Conversations about money do not have to be heated arguments. Here are a few suggestions for how to initiate and conduct a respectful conversation about household finances.
Schedule a Time to Talk
Most money conversations arise out of necessity. These conversations are usually triggered by an issue that needs to be resolved. Such an impromptu approach, however, often puts one partner on the defensive.
To avoid this, make the talk a scheduled event. Give your partner advanced notice that you would like to have a talk about the household finances. If possible, pair that talk with something fun to do as well, such as going out to dinner or to a movie. Such an approach can reduce the stress level of the talk and allow your partner to feel more relaxed in the discussion. By associating the talk with something fun, you eliminate the barrier of seriousness that comes with discussing household finances, creating a more relaxed and open atmosphere.
Further, scheduling ahead gives you time to prepare for the mental and emotional strains of the conversation. If necessary, practice your end of the conversation so that you can be sure you are emphasizing positivity and understanding. Know your potential triggers or particular pain points that may cause you to become too emotional. If you can practice, you can prepare a way to diffuse those emotions.
Make It a Discussion, Not a Lecture
What you don’t want to do is start the conversation by accusing your partner of doing anything wrong, and then lecturing your partner on how to correct behavior. He or she will immediately shut down and go on the defensive.
Instead, clearly present a layout of your financial situation without laying blame. Personal lifestyle author Jennifer Keitt suggests that you have a definitive reason for the conversation and think carefully through what your reason is. That way, you can approach your partner thoughtfully to engage the conversation about your household finances.
Your partner may not even be aware that there is an issue, or how serious the issue may be. Be clear when talking about what the financial issues are and what you hope to accomplish through the conversation. Stephanie Jones, founder of personal financial blog Six Figures Under, suggests using the word “we” instead of “you” to keep blame out of the conversation and enable you to communicate as a team. If you do all the talking and finger-pointing, you will not be able to come together as a team to tackle the issues.
Present the reality through the numbers without being judgmental. Money can make people feel very vulnerable, so be understanding, and listen to your partner during the discussion. It is important to understand his or her perspective and work together towards a solution.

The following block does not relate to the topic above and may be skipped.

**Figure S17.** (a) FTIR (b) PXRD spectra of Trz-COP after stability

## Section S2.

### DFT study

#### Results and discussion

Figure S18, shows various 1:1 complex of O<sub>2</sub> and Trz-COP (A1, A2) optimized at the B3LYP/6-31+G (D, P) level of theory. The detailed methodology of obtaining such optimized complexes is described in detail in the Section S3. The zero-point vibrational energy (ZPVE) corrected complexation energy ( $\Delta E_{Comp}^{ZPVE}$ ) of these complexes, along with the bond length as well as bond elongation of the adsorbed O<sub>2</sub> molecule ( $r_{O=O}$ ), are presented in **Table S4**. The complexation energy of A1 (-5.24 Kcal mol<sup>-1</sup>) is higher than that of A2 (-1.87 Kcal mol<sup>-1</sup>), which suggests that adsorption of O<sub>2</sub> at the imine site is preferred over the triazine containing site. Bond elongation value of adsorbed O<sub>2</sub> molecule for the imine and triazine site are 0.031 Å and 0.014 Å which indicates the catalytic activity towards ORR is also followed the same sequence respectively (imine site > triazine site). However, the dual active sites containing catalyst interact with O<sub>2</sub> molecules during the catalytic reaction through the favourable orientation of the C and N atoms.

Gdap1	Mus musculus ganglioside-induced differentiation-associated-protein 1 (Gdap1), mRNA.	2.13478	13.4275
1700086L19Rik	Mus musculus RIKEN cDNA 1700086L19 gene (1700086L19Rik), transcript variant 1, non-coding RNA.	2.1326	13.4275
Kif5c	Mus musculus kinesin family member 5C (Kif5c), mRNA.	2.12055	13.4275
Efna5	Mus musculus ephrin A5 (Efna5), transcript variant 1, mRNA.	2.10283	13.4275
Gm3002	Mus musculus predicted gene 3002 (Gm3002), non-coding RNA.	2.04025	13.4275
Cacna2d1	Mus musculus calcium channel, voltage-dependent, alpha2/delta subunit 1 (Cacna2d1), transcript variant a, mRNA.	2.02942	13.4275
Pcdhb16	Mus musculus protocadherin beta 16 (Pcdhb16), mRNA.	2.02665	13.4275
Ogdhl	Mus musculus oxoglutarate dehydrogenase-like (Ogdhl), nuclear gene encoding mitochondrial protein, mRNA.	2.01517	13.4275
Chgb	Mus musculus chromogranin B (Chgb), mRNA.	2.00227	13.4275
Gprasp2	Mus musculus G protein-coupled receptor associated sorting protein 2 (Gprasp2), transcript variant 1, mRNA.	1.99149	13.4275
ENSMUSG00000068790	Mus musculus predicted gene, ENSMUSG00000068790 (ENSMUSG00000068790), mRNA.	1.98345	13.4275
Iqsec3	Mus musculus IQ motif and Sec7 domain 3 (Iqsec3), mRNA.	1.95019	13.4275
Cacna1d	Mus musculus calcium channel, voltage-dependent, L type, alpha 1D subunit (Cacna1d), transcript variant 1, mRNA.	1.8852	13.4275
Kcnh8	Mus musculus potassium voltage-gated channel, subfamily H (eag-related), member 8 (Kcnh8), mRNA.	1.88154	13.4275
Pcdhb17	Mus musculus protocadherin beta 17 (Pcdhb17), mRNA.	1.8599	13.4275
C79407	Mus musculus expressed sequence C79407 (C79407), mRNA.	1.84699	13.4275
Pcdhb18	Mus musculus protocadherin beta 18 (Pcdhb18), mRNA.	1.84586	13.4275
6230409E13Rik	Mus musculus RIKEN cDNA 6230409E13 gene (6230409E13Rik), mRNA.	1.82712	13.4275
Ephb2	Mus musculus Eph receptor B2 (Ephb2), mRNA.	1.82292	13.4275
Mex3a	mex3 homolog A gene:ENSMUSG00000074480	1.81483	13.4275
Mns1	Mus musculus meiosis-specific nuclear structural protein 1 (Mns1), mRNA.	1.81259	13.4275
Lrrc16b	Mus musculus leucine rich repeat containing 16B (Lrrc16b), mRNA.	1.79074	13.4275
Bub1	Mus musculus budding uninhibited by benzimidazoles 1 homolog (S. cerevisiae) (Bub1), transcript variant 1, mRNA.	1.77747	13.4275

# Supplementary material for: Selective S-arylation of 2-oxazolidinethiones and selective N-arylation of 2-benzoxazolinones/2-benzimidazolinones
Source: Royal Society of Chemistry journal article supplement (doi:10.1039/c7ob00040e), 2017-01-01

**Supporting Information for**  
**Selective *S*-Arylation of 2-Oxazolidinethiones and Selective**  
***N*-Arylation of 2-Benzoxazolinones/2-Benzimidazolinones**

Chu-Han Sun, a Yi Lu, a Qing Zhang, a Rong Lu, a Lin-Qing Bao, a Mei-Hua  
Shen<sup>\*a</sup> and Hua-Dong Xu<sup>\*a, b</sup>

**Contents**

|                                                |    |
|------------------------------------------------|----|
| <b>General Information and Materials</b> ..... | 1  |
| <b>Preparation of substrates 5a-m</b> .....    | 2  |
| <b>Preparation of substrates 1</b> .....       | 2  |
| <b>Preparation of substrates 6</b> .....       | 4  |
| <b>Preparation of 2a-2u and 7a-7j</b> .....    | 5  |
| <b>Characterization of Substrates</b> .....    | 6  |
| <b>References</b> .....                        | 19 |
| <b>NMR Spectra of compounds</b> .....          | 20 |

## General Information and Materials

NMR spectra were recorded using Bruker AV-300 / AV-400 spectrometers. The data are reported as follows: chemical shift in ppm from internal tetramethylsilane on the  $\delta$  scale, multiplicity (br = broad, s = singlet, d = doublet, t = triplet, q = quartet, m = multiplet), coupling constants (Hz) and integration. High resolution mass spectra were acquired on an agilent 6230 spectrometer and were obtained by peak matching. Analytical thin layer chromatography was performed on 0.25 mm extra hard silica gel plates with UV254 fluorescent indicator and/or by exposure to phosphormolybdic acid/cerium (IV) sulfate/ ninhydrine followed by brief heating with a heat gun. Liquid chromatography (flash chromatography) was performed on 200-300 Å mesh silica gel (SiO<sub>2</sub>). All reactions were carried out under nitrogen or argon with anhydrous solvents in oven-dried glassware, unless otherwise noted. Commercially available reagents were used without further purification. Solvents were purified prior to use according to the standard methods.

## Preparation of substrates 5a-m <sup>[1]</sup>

Most importantly, keep your emotions under control. Your partner is not the enemy. If tempers flare and an argument ensues, you both lose because nothing gets accomplished and trust is eroded. To keep control of the conversation, do not lose your temper. If necessary, ask for a break in the conversation until emotions ebb and cooler heads prevail.
Be Open and Honest
Honesty is the crucial element to a conversation about money and household finances. If you aren’t honest with yourself and your partner, you will not be able to resolve the issues together. Start by being open and admitting your own mistakes. Owning your own faults will help build trust with your partner, who will then feel better about admitting his or her own mistakes and working toward a solution.
To establish an honest environment, review all financial statements together. Even if, as a couple, you have maintained separate bank accounts, by reviewing them together you can eliminate secrets. Everything gets laid open in black and white.
Open the door to discussing money histories because a person’s background and history with money often shapes spending habits. One great way to better understand a person’s financial mindset is to ask about how their parents handled money. People often mimic the behavior of their parents and bring with them into adulthood the same philosophies shared by their parents. This open discussion can help you both to better understand each other’s way of thinking.
The important thing is to keep communicating openly, honestly and equally.
Focus On Financial Goals, Not Expenses
Yes, the conversation is happening because there is a direct issue with the monthly budget of your household finances. But to keep the conversation as emotionally neutral as possible, focus on the financial goals you would like to reach as a couple as opposed to specific bills, debt or other issues. Monthly expenses will naturally roll into the conversation when discussing goals.
Frame the talk around specific goals such as lowering credit card expenses or building a savings account — goals that are directly affected by spending. Be open about what the goal of the conversation is without relating your partner’s spending as the obstacle to that goal. By approaching the talk with larger goals in mind, you steer the conversation away from specific stress points, which will help reduce the tension.